Yesterday I deliberately got a late start, set Freedom for 3 hours, and focused. It was good.

This morning I made sure to be up by 5 am. I set Freedom for the max: 8 hours. I hit the Starbucks and the library and tore into the notes (and polish) for Twenty Palaces.

And I finished more than half the book.

I dunno, you guys. Do you think the internet might by harming my productivity?

20 May 2011, 2:31pm
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Progress on Twenty Palaces

This morning I spent about half an hour on the phone with my agent going over her notes for Twenty Palaces aka “book zero” aka “the prequel.” They were mostly pretty straight forward and will not require much work to fix. One note, though, was a biggie. It gets at the heart of Ray’s actions and motivations in the last part of the book, and it’s yet another example of me failing at the craft because I wanted to make a point rather than keep to the characters.

Still, I took a long walk in the hot sun and I think I have a solid, sensible way to address it.

Now I just have to get to work. Good day.

Sun!

It’s almost seven am, I’m freshly breakfasted, the hummingbirds are floating outside my window, the stellar jays are squawking, and the sun is shining.

I’m going for a walk.

But it’s not going to be a “fun” walk; it’s going to be a vigorous exercise/plot walk. A Key, An Egg, An Unfortunate Remark has been a bit difficult lately and I’m not sure where it should go next. This walk will be a chance to plot a course forward. Which I need.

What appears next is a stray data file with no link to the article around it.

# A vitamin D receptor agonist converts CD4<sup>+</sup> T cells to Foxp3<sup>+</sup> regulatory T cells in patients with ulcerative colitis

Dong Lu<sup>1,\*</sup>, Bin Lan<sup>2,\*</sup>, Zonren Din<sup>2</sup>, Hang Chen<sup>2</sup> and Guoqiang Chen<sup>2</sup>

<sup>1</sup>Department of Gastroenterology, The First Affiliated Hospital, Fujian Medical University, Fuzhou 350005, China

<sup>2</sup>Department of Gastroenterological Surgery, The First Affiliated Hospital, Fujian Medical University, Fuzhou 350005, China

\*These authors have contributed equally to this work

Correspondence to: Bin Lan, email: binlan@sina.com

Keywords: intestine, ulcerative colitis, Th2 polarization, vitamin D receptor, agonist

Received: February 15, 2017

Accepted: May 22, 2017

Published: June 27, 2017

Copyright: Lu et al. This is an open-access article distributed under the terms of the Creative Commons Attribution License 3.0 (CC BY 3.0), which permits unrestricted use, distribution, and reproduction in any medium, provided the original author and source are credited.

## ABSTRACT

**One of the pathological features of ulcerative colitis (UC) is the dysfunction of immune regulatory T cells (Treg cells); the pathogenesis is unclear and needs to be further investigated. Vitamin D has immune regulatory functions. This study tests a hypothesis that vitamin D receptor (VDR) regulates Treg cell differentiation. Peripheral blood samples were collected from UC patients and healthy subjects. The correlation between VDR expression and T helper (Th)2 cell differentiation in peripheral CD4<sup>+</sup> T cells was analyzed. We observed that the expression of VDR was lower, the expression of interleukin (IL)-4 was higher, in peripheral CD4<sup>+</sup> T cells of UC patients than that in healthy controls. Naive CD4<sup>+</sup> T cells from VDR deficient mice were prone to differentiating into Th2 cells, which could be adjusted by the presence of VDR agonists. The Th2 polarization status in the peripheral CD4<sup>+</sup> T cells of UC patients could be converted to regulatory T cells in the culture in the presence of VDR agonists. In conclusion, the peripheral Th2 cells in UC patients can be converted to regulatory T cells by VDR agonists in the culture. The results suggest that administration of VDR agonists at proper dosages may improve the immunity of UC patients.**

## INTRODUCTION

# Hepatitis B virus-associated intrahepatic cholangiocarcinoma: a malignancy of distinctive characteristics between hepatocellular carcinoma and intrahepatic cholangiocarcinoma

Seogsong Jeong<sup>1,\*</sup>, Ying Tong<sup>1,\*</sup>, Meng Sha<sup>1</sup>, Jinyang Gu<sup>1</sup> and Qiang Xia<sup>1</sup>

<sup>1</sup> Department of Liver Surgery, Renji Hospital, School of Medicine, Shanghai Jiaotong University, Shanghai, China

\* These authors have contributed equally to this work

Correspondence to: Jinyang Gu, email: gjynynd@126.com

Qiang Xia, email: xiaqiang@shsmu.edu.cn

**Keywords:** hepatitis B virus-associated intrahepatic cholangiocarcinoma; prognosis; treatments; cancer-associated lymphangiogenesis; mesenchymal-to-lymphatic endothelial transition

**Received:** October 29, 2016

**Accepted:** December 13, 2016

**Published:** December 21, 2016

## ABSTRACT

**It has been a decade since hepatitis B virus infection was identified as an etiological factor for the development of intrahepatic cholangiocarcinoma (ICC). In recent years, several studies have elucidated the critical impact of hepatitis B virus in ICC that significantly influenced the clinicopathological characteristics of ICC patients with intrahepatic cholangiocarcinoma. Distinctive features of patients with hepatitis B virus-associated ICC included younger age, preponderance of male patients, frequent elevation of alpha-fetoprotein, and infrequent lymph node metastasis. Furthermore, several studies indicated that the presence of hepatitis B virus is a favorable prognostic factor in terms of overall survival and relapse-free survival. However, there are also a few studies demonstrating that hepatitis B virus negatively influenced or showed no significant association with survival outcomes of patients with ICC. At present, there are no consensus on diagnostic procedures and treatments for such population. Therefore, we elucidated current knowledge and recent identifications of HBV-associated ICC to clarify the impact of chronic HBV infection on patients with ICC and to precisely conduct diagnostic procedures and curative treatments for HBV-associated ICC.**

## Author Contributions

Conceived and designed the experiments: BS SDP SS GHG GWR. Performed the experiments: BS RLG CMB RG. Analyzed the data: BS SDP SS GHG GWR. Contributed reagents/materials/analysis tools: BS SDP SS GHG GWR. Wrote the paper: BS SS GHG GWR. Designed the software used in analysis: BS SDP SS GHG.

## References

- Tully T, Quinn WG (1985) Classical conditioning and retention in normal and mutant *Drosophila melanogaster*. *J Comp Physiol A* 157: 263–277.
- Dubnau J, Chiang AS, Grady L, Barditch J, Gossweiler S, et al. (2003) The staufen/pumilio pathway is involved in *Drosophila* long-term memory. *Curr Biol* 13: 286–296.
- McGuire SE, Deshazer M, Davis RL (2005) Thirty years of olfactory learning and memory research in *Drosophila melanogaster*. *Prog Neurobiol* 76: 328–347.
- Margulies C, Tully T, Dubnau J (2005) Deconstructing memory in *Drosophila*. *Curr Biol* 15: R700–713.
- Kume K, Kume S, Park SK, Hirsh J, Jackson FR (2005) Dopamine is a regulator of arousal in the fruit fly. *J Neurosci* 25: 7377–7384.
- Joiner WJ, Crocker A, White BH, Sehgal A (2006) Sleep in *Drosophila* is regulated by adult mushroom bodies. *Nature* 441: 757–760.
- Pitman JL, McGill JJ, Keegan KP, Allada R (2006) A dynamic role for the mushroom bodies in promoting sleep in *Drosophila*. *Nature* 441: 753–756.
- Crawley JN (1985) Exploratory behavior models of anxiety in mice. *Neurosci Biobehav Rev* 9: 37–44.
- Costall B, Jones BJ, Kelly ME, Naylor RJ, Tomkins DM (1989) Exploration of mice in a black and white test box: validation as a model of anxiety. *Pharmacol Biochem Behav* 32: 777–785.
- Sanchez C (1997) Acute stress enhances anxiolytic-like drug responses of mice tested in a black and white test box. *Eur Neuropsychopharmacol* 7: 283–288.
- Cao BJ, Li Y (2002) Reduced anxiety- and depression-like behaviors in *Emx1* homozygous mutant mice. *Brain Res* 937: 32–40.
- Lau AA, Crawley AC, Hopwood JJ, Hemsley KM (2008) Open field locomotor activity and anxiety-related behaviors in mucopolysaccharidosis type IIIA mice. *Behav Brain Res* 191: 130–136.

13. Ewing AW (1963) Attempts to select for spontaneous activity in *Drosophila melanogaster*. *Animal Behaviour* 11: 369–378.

Also, did I mention that the sun is shining?

Hopefully, I won’t see you guys around the interwebs for a few hours.

17 May 2011, 8:14am
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I suck at blogging

To make up for being kinda dull for the last couple of days, here’s a picture of a giant tree house made of candy (behind the cut).
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16 May 2011, 12:39pm
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Readercon

I know I’ve said I was going to Readercon, but Stuff I Can’t Talk About has come up, and I’m backing out. Maybe I’ll get to go some other year.

This is worth reading

Running the Barkley.

It’s the sort of extreme running event that extreme running events think goes too far, an event where people literally lose their minds while running it. They start hallucinating, get amnesia, totally lose themselves. It’s a race that’s almost designed not to be finished.

It reminds me of a profile I read some time ago about a distance runner and his training methods. He’s from Eastern Europe somewhere, and he does the same thing: runs until the pain is too much and the exhaustion made him hallucinate and go mad. The quote that stuck with me (which I’ll have to paraphrase) is from his trainer, who believed that when the runner was telling them the pain was too much, when he hallucinated, thought he’d gone blind, couldn’t remember where he was or why he was running, that was the point at which the trainer thought he’d given about 50%.